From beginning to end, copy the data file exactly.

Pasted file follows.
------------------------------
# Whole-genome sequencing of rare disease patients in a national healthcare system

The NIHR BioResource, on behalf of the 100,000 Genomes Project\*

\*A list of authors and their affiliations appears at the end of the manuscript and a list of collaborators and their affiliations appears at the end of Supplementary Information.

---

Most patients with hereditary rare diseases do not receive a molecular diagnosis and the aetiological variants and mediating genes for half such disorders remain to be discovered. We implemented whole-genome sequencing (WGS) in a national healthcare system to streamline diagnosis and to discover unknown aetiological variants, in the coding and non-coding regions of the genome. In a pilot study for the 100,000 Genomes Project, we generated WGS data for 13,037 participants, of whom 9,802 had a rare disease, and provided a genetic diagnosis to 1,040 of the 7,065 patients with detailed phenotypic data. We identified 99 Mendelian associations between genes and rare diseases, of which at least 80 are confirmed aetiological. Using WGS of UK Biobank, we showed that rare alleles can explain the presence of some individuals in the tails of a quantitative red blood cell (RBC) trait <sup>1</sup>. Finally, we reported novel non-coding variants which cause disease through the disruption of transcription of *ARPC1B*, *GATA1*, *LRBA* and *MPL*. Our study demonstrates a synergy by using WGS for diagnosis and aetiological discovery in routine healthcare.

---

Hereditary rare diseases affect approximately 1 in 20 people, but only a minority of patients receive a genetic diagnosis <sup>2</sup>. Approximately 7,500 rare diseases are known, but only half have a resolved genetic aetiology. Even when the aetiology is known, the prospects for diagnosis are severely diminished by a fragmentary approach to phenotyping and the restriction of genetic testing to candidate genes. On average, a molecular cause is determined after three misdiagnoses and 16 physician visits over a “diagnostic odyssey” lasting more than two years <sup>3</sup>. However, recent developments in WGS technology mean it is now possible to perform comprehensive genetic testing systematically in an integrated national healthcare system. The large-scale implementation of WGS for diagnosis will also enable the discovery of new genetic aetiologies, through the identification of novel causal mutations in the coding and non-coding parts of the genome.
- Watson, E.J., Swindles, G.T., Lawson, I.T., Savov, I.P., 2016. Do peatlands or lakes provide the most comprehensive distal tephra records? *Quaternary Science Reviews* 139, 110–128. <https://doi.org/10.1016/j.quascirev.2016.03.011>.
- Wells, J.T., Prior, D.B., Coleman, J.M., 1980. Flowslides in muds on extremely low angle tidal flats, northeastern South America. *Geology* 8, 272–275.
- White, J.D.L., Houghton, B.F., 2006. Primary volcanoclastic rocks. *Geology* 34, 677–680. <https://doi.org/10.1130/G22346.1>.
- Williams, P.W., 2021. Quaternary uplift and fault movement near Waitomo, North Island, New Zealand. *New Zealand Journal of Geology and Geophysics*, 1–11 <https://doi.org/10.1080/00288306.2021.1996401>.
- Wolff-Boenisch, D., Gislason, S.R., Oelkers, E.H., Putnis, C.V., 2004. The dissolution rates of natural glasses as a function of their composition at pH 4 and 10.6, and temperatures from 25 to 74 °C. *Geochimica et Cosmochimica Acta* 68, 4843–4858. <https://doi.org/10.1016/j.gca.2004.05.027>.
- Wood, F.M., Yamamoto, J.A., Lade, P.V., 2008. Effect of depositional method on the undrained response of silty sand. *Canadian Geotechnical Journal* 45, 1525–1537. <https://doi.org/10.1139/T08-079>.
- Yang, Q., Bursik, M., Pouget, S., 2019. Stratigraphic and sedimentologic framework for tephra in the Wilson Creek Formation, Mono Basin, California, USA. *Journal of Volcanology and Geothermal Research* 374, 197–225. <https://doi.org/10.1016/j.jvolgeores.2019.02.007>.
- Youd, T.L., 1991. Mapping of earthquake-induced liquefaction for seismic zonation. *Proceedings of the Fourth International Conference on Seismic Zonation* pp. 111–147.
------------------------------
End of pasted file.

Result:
# Whole-genome sequencing of rare disease patients in a national healthcare system

The NIHR BioResource, on behalf of the 100,000 Genomes Project\*

\*A list of authors and their affiliations appears at the end of the manuscript and a list of collaborators and their affiliations appears at the end of Supplementary Information.

---

Most patients with hereditary rare diseases do not receive a molecular diagnosis and the aetiological variants and mediating genes for half such disorders remain to be discovered. We implemented whole-genome sequencing (WGS) in a national healthcare system to streamline diagnosis and to discover unknown aetiological variants, in the coding and non-coding regions of the genome. In a pilot study for the 100,000 Genomes Project, we generated WGS data for 13,037 participants, of whom 9,802 had a rare disease, and provided a genetic diagnosis to 1,040 of the 7,065 patients with detailed phenotypic data. We identified 99 Mendelian associations between genes and rare diseases, of which at least 80 are confirmed aetiological. Using WGS of UK Biobank, we showed that rare alleles can explain the presence of some individuals in the tails of a quantitative red blood cell (RBC) trait <sup>1</sup>. Finally, we reported novel non-coding variants which cause disease through the disruption of transcription of *ARPC1B*, *GATA1*, *LRBA* and *MPL*. Our study demonstrates a synergy by using WGS for diagnosis and aetiological discovery in routine healthcare.

---

Hereditary rare diseases affect approximately 1 in 20 people, but only a minority of patients receive a genetic diagnosis <sup>2</sup>. Approximately 7,500 rare diseases are known, but only half have a resolved genetic aetiology. Even when the aetiology is known, the prospects for diagnosis are severely diminished by a fragmentary approach to phenotyping and the restriction of genetic testing to candidate genes. On average, a molecular cause is determined after three misdiagnoses and 16 physician visits over a “diagnostic odyssey” lasting more than two years <sup>3</sup>. However, recent developments in WGS technology mean it is now possible to perform comprehensive genetic testing systematically in an integrated national healthcare system. The large-scale implementation of WGS for diagnosis will also enable the discovery of new genetic aetiologies, through the identification of novel causal mutations in the coding and non-coding parts of the genome.
- Watson, E.J., Swindles, G.T., Lawson, I.T., Savov, I.P., 2016. Do peatlands or lakes provide the most comprehensive distal tephra records? *Quaternary Science Reviews* 139, 110–128. <https://doi.org/10.1016/j.quascirev.2016.03.011>.
- Wells, J.T., Prior, D.B., Coleman, J.M., 1980. Flowslides in muds on extremely low angle tidal flats, northeastern South America. *Geology* 8, 272–275.
- White, J.D.L., Houghton, B.F., 2006. Primary volcanoclastic rocks. *Geology* 34, 677–680. <https://doi.org/10.1130/G22346.1>.
- Williams, P.W., 2021. Quaternary uplift and fault movement near Waitomo, North Island, New Zealand. *New Zealand Journal of Geology and Geophysics*, 1–11 <https://doi.org/10.1080/00288306.2021.1996401>.
- Wolff-Boenisch, D., Gislason, S.R., Oelkers, E.H., Putnis, C.V., 2004. The dissolution rates of natural glasses as a function of their composition at pH 4 and 10.6, and temperatures from 25 to 74 °C. *Geochimica et Cosmochimica Acta* 68, 4843–4858. <https://doi.org/10.1016/j.gca.2004.05.027>.
- Wood, F.M., Yamamoto, J.A., Lade, P.V., 2008. Effect of depositional method on the undrained response of silty sand. *Canadian Geotechnical Journal* 45, 1525–1537. <https://doi.org/10.1139/T08-079>.
- Yang, Q., Bursik, M., Pouget, S., 2019. Stratigraphic and sedimentologic framework for tephra in the Wilson Creek Formation, Mono Basin, California, USA. *Journal of Volcanology and Geothermal Research* 374, 197–225. <https://doi.org/10.1016/j.jvolgeores.2019.02.007>.
- Youd, T.L., 1991. Mapping of earthquake-induced liquefaction for seismic zonation. *Proceedings of the Fourth International Conference on Seismic Zonation* pp. 111–147.